Catfish are notably a warm water fish and the way their metabolism works in cold water means that they do not need to eat very much to live under the ice. In fact, a 10-pound catfish under the ice only needs the equivalent of a fathead minnow about once per week to survive. This means that anglers must find a wintering hole were numerous catfish take up residence together and play the odds that some of the fish want to feed.
Another thing to keep in mind is that scent does not travel in cold water nearly as good as it does in warmer water. With the scent dispersion slower it sometimes takes a bit longer for scent to reach the catfish. Then, that catfish that doesn’t require much food to survive must decide to eat it.
David Wyner, owner of Chasin’ Cats Guide Service, offers a limited number of catfish trips throughout the winter on small lakes and frozen ponds that are five to ten acres in size. He is a great source of ice cattin’ information.
Mr. Wyner uses Whisker Seeker Whisker Stick rods which are specifically manufactured for ice fishing catfish. He uses a reel spooled up with 20-pound monofilament line and a Tomcat rig that is also made by Whisker Seeker Tackle. This is weighted with a bit of vibration.
Wyner looks at contour maps to find drop off areas with “tight contours” to locate catfish. Once he is on the water, he uses his Vexilar FLX 12 locator to fine tune his location and drill ice holes. His strategy is to spread his lines over the contour to find where the catfish are hanging out on a specific day. He said he likes to have friends or clients along on the trip so he can set more lines out to pinpoint the bite faster.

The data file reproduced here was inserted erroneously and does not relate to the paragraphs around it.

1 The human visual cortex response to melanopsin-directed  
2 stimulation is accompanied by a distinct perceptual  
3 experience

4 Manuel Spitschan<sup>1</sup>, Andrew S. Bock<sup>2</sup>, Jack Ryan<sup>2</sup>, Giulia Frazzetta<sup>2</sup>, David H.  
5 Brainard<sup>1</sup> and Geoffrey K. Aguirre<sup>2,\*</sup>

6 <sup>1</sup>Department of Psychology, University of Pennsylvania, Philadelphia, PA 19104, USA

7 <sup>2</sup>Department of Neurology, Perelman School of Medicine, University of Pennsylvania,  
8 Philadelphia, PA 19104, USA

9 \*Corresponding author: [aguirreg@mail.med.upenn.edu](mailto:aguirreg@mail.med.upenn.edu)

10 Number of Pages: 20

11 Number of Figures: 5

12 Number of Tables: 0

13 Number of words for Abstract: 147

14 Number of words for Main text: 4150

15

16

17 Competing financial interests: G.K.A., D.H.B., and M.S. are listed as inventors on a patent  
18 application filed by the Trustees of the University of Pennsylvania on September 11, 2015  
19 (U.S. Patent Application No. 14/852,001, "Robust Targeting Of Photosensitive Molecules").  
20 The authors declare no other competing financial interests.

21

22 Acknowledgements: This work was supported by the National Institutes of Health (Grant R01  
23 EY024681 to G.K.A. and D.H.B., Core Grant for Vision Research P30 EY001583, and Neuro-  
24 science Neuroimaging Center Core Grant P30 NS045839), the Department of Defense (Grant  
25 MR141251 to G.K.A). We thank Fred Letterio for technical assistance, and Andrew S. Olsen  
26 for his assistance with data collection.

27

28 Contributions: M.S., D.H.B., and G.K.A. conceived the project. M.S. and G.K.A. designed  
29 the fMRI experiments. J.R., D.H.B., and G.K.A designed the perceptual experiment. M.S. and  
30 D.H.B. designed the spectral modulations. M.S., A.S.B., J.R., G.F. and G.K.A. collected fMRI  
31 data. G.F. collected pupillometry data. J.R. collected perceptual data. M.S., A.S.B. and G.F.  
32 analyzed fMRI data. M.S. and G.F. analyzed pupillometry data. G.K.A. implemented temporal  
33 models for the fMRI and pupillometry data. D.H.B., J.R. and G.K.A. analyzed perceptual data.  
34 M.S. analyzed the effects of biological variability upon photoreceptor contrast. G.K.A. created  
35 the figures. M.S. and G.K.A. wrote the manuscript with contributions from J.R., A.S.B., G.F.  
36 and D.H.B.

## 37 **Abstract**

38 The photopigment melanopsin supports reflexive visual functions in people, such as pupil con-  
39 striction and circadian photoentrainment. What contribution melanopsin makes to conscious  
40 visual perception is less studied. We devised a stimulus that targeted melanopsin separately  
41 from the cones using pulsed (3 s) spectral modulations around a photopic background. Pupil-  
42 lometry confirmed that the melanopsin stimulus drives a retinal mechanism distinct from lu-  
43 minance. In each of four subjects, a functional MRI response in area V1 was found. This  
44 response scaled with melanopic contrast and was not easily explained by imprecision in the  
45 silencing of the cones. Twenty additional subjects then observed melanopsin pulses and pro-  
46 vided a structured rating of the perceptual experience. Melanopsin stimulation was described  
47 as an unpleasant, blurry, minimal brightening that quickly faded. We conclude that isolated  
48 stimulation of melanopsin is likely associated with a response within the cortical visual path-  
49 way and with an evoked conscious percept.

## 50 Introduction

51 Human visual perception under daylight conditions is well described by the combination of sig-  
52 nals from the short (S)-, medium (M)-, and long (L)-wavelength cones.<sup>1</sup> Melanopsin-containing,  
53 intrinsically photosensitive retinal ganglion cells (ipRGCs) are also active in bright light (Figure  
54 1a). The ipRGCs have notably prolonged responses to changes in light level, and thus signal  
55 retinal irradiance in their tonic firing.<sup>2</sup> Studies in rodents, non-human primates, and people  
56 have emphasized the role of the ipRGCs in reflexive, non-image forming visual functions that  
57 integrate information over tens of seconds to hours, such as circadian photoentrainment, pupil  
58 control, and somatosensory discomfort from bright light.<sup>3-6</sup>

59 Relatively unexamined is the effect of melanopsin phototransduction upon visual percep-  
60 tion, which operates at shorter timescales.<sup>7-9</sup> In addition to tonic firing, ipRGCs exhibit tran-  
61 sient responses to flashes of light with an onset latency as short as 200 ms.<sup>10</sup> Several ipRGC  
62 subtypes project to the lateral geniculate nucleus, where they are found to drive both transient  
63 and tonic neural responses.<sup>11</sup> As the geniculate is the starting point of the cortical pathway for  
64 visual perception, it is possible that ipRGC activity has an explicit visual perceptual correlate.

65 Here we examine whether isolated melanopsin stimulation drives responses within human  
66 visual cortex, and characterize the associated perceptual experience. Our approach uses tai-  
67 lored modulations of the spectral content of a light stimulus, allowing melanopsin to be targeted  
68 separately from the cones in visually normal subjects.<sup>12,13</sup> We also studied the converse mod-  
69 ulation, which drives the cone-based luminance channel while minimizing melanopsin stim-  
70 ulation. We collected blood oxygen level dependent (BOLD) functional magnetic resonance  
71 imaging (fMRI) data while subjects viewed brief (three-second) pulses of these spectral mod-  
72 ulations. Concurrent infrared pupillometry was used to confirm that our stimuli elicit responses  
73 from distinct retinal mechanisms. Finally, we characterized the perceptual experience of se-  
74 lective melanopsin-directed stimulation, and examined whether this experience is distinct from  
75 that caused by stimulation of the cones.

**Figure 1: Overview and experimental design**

Once the locations are picked and the rods rigged up, Wyner uses shad guts or a minnow head for bait. He sets his depth at six to eight inches off the bottom and places the rod in a hook-setting apparatus such as a Jaw Jacker or Automatic Fisherman. This contraption holds the rod in a loaded position until the fish bites and triggers the rod to set on the fish.
Jigging or motion is not needed according to Wyner. The concept is similar to regular catfishing when anchored from a boat. The bait remains still during most cold water fishing from a boat.
“Motion is not needed,” Wyner said. “It works better to leave it still so the fish have more time to find the bait.”
Once set up ice anglers sit back and enjoy a day on the ice waiting for the rod tips to jump so they can reel in their fish.
Once a location or pattern has been established, more holes are drilled in the active areas. As lines are moved closer to an area receiving bites, the odds of catching active fish increase.
Ice fishing for catfish may seem foreign to most, but to northerners it only makes sense as a method to catch their favorite fish all year long. It is different from most methods of catfishing but it offers a unique fishing opportunity and fun way to catch a few cats and hang out with friends on the water.
Captain Brad Durick is a nationally recognized catfish guide on the Red River of the North, seminar speaker, and author of the books Cracking the Channel Catfish Code and Advanced Catfishing Made Easy. For more information go to www.redrivercatfish.com.